Monday, March 26, 2012
GOING AWAY AGAIN to Misamis Oriental this time. My employers needed to have their farthest and most remote detachment at Laguindingan investigated for some lost items. I take a Trans-Asia boat that leaves at eight in the evening and arrive at Cagayan de Oro at 5:30 AM of January 18, 2012.
Before leaving the Port of Cebu, I take a seat inside the public terminal operated by the Cebu Port Authority. You cannot directly embark on your ship without riding a shuttle bus where, in my case, I board mine after the bus took a circuitous route only to drop me about fifteen meters from where I first rode it.
The government could have saved money if passengers were allowed to simply walk the short distance from terminal to boat instead of riding through a long route which, naturally, would use fuel, oil, manpower and other resources. The system is good but there are instances where it would defeat its purpose. It should be applied on a case-to-case basis.
So much for that. Coming along with me is my Sony DSC220 digital camera and an autobiography of Ranulph Fiennes which describes himself as “mad, bad and dangerous to know”. The book had been with me for more than a year and I haven't got the time to read that until I got tired of seeing it collecting dust at my book shelf.
I pass by Carmen Bridge and I see the damage wrought by Typhoon Sendong which hit the cities of Cagayan de Oro and Iligan a month ago that killed more than a thousand people. I begin to wonder what happened to that little girl I saw in 2008 who lived under the bridge right across the Sacred Heart Parish in Kauswagan? It seems a needle is pierced into my heart at that moment.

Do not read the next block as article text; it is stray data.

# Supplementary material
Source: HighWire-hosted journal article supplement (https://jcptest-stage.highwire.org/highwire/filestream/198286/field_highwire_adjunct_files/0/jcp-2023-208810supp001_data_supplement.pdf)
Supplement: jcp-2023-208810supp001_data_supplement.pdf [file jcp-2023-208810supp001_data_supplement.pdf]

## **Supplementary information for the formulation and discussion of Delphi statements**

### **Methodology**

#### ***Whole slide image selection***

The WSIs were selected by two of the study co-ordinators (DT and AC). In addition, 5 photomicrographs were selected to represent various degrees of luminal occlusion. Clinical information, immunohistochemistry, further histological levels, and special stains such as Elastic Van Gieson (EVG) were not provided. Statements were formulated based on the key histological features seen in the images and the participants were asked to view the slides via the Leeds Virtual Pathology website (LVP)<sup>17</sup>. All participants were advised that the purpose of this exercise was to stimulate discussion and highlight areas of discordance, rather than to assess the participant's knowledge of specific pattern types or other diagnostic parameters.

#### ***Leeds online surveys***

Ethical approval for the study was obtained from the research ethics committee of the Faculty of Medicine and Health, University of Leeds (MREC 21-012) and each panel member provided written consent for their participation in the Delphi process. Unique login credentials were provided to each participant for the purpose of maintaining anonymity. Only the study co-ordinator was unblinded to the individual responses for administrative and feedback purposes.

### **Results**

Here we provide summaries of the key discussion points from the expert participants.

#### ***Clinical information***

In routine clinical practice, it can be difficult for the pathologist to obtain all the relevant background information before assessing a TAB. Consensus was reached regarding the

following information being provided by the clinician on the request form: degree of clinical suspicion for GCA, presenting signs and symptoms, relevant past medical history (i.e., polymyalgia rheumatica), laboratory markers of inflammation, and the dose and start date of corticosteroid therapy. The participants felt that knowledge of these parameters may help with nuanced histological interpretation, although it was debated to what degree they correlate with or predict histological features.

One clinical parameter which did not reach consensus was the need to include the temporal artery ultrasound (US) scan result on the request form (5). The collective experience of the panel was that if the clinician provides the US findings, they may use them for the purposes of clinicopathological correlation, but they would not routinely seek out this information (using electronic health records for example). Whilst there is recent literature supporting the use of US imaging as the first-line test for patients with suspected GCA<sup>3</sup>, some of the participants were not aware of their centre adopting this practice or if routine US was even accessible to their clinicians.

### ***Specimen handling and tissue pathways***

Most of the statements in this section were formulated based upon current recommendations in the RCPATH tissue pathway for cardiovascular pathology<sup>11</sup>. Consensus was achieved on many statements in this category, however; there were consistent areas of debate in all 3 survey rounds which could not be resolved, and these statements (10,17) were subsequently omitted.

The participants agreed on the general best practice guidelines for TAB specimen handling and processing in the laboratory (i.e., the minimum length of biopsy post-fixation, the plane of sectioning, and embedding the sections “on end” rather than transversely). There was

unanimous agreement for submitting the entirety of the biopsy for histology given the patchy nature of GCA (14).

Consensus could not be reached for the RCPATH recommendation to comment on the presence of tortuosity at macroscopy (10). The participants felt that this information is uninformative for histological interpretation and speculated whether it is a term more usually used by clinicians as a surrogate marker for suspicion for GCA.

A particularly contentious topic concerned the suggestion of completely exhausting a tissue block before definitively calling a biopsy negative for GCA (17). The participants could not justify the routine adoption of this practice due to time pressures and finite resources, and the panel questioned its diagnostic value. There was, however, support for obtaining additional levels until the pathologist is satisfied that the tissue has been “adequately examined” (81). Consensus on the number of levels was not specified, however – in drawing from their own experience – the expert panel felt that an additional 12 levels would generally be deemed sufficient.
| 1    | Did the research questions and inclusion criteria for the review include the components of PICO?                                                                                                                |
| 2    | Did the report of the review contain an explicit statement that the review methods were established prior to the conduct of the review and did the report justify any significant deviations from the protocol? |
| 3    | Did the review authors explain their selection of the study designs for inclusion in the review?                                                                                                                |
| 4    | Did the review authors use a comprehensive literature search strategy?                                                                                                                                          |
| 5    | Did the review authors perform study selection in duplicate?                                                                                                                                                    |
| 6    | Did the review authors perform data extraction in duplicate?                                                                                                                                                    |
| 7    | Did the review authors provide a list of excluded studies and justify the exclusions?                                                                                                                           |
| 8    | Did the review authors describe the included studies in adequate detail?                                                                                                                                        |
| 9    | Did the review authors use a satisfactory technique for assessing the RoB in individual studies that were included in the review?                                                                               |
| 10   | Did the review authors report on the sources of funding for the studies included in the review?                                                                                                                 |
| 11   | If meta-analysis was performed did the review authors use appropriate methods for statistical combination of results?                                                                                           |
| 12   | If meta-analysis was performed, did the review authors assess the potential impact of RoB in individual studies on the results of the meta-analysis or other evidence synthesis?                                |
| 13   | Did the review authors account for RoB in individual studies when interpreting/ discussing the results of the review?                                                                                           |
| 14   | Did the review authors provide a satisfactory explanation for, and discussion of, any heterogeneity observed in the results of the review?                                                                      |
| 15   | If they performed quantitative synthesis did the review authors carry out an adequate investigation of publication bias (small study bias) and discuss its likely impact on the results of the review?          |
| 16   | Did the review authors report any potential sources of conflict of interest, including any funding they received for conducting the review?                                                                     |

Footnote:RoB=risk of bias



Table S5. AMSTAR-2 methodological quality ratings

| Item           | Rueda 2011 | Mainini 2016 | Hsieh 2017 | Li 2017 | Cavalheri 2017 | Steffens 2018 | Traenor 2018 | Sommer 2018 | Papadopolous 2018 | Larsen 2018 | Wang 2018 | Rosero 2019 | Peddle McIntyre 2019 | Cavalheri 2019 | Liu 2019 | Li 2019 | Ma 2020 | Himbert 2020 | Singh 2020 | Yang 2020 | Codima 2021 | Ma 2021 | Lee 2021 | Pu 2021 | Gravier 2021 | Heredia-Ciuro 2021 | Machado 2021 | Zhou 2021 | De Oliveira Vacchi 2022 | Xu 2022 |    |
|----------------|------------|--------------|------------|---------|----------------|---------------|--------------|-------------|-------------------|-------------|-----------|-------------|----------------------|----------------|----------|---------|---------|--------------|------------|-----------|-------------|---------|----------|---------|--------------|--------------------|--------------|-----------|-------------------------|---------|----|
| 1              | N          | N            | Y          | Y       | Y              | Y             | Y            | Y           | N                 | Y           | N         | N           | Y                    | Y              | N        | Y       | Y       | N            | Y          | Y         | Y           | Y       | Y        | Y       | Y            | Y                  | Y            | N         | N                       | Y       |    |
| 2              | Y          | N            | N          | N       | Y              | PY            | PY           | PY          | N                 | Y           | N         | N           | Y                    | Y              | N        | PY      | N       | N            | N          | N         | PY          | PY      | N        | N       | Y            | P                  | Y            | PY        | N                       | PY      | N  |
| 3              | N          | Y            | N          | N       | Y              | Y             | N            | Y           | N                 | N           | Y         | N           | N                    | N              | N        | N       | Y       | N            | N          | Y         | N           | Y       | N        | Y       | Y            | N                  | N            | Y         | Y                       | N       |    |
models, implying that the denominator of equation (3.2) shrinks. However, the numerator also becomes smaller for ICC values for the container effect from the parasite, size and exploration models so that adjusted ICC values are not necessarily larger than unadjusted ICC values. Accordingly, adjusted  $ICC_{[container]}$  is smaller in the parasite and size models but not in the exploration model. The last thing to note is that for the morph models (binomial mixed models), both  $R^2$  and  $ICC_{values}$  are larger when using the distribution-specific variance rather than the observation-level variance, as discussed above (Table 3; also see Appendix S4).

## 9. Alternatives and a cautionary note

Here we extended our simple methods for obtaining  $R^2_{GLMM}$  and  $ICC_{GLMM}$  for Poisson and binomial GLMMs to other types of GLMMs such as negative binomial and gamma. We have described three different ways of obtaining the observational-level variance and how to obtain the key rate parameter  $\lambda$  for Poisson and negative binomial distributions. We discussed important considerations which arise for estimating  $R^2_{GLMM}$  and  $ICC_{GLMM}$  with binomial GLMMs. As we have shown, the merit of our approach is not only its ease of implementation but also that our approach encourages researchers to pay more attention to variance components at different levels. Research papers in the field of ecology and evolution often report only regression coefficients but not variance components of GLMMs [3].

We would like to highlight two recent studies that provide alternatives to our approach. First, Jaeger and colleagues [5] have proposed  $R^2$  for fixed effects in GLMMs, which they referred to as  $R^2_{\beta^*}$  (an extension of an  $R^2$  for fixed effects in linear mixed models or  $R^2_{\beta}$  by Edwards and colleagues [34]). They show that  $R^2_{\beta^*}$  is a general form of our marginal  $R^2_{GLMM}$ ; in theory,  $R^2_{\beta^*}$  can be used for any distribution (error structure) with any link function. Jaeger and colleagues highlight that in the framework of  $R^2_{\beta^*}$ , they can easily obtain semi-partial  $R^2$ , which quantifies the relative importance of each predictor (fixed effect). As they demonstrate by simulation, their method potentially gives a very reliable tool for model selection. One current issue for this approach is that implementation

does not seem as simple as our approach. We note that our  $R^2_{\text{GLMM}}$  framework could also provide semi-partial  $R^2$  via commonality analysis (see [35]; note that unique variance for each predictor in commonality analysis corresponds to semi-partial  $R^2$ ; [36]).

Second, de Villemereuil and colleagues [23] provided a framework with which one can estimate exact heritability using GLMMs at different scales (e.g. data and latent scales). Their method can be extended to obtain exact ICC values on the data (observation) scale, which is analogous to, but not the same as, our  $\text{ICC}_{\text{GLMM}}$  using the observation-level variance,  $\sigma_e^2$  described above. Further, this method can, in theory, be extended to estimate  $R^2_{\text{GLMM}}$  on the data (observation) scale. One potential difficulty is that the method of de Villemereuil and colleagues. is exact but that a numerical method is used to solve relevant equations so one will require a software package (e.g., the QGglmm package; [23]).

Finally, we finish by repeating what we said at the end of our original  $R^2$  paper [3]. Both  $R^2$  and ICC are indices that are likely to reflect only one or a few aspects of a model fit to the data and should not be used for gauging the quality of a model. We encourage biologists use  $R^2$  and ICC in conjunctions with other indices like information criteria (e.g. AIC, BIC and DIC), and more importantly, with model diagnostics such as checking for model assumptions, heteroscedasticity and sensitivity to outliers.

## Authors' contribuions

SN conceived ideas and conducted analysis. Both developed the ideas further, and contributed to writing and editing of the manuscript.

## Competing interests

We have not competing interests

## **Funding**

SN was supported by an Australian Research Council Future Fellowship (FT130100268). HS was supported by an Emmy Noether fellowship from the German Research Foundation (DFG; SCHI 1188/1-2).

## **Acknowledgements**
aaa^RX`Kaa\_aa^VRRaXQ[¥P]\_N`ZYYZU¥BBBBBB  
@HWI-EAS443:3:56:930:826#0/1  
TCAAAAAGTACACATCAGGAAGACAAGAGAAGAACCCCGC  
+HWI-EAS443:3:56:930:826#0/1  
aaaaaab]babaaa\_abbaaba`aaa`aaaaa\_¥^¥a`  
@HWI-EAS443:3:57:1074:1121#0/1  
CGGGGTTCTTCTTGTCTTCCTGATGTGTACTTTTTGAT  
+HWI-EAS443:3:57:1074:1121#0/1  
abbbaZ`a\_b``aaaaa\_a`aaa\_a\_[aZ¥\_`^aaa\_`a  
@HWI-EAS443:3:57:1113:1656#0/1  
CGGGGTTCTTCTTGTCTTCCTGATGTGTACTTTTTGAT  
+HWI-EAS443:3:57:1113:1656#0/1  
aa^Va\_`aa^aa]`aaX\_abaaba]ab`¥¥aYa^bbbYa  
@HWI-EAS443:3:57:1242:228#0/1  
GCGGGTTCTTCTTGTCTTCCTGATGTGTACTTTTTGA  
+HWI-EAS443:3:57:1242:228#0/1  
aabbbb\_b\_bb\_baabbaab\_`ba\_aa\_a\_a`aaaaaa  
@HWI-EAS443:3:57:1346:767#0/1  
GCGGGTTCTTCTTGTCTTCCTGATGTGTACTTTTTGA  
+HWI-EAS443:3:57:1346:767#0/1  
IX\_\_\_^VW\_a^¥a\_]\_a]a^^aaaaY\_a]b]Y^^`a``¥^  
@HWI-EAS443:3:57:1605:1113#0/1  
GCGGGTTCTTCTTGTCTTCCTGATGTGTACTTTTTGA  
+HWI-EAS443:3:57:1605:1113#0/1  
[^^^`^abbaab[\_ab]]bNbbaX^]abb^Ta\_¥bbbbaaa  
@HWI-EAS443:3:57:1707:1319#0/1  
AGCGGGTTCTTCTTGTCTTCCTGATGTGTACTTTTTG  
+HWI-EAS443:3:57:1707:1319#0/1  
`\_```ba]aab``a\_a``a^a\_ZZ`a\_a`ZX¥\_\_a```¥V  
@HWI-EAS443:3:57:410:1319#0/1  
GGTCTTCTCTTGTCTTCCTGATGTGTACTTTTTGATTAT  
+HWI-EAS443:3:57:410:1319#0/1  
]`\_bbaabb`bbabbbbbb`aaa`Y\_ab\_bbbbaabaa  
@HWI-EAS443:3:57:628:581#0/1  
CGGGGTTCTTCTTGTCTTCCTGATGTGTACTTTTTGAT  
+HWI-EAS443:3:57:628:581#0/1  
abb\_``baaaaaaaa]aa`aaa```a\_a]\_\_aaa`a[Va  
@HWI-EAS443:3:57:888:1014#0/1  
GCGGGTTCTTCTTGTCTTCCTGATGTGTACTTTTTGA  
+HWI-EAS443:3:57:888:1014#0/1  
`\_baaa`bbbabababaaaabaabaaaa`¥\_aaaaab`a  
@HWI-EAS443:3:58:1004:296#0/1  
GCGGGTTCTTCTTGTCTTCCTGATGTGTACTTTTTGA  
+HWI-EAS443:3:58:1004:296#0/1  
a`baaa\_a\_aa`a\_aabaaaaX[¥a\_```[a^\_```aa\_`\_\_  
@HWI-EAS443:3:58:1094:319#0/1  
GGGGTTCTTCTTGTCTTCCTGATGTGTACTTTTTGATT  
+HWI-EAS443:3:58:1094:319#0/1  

The public jitney driven by an annoying driver reach the terminal at Bulua and I transfer to a Rural Transit bus bound for Iligan. It leaves its station promptly for the next. The bus pass by the towns of Opol, El Salvador and Alubihid before I alight infront of the Laguindingan town hall.
I take a picture of the building and a policeman approach me suspiciously. He is asking me too many questions and my nerves are beginning to smell trouble. Time to show him my ID and my purpose and, finally, he begins to comprehend that I am no al-Qaeda. He won't believe I am a tourist. Poor cover story!
I take breakfast at a small family-run restaurant. They offer me “La hoya” and I am intrigued. I buy one order for me and it is just beef stew with the same ingredients and given another name or it's just the way folks here name that dish. Just the same, it is very cheap. Anyway, I pay just 45 pesos for the whole meal, to include bottled soda and rice.
Down I go to the village of Sambulawan astride a motorcycle and get inside an abandoned structure that used to be a steel mill. The guards are all there and I start my inquiries. I move about this huge shell of a building with my camera and I notice each living quarters used by the guards are covered all around with fire bricks at chest level.
One hut, aside from the fire bricks, even used other materials such as hard rubber mouldings, rubber tires and concrete culverts filled with gravel. At the far side, are breastworks made of culverts formed in a square that could accommodate one man and there are four of these. They look like midget fortresses.